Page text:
My finest moment in graduate school, where I was in the doctoral program in musicology, came in a seminar on 20th century music taught by a very dour composer. He had a big beard and was widely known to have never actually smiled in his entire life. One day we were talking about Messiaen and he was telling us the story of the famous piece Quatuor pour la fin du temps known in English as the "Quartet for the End of Time". Wikipedia summarizes the story as follows:
[Messiaen] was captured by the German army in June 1940 and imprisoned in Stalag VIII-A, a prisoner-of-war camp in Görlitz, Germany (now ZgorzelecPoland). While in transit to the camp, Messiaen showed the clarinetist Henri Akoka, also a prisoner, the sketches for what would become Abîme des oiseaux. Two other professional musicians, violinist Jean le Boulaire and cellist Étienne Pasquier, were among his fellow prisoners, and after he managed to obtain some paper and a small pencil from a sympathetic guard, Messiaen wrote a short trio for them; this piece developed into the Quatuor for the same trio with himself at the piano. The combination of instruments is unusual, but not without precedent: Walter Rabl had composed for it in 1896, as had Paul Hindemith in 1938.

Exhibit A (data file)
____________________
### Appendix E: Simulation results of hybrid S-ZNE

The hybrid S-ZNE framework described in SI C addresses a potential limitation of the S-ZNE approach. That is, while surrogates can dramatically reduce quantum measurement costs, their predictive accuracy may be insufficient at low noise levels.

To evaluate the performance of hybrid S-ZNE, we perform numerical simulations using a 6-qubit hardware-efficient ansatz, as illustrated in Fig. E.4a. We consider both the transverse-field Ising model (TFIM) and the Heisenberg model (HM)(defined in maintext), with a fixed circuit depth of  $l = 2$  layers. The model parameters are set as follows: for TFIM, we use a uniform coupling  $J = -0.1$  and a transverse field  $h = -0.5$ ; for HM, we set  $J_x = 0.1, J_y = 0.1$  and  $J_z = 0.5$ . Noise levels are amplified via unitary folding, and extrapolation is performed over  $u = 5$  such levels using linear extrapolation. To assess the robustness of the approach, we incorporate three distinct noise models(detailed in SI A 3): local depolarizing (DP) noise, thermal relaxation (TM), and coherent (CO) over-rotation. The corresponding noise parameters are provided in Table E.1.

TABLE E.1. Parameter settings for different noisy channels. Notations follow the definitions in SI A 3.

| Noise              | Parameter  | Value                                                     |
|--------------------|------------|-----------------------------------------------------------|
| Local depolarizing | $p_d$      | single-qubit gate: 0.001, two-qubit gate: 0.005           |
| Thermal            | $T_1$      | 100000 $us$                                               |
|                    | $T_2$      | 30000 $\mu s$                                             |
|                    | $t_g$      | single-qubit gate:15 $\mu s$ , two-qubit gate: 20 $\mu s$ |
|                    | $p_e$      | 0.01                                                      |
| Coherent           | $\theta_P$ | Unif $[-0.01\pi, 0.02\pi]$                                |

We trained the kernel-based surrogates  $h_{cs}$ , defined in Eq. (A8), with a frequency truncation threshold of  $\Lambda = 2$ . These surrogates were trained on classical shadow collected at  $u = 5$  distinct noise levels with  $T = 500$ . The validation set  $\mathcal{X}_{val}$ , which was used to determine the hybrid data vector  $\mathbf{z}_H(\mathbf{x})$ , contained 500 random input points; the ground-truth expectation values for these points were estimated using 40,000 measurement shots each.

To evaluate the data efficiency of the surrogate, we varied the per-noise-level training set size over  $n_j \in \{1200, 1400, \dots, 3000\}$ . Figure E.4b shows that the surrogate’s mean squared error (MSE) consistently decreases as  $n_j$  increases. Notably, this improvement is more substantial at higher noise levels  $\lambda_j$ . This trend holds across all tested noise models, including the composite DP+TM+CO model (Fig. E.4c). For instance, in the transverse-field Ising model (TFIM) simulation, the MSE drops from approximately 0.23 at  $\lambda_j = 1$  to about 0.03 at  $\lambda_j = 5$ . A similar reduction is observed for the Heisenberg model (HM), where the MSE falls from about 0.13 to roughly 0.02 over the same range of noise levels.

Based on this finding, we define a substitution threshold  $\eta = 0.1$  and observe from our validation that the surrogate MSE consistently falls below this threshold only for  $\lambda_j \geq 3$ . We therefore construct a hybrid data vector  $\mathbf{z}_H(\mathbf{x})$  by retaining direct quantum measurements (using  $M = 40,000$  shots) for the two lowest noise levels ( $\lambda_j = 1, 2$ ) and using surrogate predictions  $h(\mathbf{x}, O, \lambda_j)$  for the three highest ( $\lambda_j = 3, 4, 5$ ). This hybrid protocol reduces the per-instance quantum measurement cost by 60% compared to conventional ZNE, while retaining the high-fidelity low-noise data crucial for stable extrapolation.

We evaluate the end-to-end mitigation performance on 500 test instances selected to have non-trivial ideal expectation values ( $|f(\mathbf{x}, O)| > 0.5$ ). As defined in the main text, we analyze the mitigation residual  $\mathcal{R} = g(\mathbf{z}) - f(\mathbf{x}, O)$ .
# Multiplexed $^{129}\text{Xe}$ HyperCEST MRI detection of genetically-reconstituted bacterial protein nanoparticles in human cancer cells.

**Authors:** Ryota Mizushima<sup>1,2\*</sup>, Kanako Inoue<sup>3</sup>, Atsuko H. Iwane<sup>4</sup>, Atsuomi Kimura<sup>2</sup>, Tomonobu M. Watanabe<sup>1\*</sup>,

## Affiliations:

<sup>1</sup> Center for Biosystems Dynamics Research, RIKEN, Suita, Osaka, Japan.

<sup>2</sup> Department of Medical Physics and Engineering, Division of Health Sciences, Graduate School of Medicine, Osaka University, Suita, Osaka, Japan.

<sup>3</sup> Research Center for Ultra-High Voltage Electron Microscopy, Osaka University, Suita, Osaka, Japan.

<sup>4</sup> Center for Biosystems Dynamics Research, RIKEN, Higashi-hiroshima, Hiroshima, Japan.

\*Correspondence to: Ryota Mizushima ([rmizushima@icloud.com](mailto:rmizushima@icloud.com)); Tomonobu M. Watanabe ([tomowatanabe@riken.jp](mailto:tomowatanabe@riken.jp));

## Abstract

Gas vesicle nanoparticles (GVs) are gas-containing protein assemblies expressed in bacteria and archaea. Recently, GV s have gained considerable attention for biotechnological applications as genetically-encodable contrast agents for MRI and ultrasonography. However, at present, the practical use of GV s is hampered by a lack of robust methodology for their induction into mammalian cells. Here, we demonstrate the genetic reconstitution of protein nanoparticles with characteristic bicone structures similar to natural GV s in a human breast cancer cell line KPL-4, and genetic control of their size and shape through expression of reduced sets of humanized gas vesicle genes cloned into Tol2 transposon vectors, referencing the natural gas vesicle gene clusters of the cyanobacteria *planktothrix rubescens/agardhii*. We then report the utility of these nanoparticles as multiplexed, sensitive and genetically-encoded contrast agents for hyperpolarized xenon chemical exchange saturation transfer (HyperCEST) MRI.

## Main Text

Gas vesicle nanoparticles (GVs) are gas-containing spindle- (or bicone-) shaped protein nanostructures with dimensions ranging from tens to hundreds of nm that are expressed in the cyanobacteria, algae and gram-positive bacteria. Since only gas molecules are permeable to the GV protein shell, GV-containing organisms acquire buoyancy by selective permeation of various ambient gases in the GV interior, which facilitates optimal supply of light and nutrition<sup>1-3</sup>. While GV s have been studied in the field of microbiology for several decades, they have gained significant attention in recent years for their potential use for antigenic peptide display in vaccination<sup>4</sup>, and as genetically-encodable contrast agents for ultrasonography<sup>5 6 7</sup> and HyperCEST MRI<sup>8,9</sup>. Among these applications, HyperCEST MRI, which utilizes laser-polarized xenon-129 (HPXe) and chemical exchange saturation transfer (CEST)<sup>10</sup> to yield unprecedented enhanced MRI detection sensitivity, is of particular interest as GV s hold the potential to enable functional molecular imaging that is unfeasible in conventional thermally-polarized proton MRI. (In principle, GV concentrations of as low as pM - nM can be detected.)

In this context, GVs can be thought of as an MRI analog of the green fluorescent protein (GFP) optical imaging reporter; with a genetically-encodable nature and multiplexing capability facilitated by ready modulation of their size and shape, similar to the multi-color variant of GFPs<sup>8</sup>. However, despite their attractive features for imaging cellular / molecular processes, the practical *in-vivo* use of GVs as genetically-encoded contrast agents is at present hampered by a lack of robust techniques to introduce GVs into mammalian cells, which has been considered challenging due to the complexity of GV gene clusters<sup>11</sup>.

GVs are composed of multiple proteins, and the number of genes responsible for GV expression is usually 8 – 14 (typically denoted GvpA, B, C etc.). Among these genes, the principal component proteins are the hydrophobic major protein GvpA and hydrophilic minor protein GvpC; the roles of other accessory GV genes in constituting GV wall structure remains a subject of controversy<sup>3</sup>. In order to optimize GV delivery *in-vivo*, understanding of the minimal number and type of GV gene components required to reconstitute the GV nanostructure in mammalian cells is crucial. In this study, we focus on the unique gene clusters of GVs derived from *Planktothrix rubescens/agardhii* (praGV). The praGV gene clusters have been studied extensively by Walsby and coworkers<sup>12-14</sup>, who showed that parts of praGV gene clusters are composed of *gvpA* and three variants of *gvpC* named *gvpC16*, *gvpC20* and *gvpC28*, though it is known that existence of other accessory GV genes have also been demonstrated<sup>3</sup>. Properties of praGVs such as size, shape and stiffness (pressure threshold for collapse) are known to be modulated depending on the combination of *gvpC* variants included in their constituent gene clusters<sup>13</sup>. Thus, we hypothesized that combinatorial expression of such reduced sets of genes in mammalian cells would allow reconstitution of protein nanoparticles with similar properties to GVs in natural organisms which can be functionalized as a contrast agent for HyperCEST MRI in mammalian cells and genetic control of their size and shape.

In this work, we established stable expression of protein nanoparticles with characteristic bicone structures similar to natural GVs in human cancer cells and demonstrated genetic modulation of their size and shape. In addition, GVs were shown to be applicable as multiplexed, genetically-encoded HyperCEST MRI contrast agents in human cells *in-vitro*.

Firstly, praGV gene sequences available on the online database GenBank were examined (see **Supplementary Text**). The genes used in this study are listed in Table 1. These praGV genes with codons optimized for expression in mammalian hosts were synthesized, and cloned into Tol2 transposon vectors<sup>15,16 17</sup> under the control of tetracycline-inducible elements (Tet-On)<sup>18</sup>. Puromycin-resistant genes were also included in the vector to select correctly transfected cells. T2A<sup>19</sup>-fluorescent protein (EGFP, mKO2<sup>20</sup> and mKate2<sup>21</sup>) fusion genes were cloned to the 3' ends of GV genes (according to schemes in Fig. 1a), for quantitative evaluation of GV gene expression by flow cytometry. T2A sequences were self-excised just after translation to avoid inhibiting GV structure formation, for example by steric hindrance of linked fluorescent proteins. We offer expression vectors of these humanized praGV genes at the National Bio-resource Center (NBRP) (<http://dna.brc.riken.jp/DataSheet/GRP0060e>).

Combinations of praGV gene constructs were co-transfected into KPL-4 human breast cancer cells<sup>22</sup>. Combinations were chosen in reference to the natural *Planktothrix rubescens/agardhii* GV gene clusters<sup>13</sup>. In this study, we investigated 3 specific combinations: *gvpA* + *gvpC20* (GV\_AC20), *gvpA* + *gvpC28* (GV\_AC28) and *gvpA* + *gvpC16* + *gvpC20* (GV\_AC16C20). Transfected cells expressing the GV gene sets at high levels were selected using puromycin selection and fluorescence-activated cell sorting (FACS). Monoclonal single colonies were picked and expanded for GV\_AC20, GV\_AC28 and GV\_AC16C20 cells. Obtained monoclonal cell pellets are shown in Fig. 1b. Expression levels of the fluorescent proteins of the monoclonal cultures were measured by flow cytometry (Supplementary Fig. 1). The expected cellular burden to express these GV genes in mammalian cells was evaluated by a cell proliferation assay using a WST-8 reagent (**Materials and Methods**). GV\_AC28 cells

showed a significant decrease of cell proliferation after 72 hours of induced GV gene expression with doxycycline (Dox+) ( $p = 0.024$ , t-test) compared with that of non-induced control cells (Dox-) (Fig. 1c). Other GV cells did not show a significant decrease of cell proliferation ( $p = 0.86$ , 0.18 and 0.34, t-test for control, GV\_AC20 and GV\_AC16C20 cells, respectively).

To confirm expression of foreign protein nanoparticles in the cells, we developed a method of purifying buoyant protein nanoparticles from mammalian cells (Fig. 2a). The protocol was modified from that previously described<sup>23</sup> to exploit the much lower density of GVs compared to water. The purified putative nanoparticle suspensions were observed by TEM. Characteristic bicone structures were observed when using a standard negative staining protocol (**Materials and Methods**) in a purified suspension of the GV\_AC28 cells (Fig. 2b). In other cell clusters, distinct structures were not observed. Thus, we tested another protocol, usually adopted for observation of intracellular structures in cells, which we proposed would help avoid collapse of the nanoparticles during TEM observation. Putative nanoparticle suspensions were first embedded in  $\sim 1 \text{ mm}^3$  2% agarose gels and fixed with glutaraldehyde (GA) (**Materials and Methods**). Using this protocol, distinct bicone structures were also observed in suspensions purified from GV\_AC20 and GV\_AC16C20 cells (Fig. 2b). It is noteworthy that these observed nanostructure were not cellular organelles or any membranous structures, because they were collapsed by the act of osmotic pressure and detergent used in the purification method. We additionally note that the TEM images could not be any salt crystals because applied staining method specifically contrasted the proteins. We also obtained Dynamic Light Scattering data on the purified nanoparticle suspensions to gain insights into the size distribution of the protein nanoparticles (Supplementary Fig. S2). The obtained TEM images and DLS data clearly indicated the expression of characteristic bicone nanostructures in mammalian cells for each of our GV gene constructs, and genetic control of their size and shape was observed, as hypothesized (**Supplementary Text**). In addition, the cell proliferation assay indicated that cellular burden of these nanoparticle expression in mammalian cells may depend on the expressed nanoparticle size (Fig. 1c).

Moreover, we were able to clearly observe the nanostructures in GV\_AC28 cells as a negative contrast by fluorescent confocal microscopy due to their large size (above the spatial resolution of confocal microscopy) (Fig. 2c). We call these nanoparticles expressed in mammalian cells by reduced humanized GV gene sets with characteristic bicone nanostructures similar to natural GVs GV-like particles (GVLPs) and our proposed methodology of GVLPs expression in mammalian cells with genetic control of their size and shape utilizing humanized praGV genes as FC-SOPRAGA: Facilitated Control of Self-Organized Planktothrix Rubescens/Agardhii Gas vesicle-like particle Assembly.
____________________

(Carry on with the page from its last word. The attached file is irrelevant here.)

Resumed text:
The quartet was premiered at the camp, outdoors and in the rain, on January 15, 1941. The musicians had decrepit instruments and an audience of about 400 fellow prisoners and guards. Messiaen later recalled: "Never was I listened to with such rapt attention and comprehension."
It is a very compelling story and the whole class sat quietly musing to themselves when he had done. I had another of my moments of inspiration and after pausing a beat said, "Yeah, but, 'captive audience'!"

The whole class burst into laughter and the professor, after glaring at me for an instant, actually gave a brief guffaw.

This reminds me of something another Czech said about his time in a concentration camp. He was a violinist and was sent to Terezin, the "cultural" concentration camp started by the Nazis. He had with him his violin but no scores. In an interview he said“I had everything memorized.  And I wasn't thinking of, you know, staying there for a long vacation."

I like to end every post with a piece of music. The obvious one today is the Quartet for the End of Time, by Messiaen: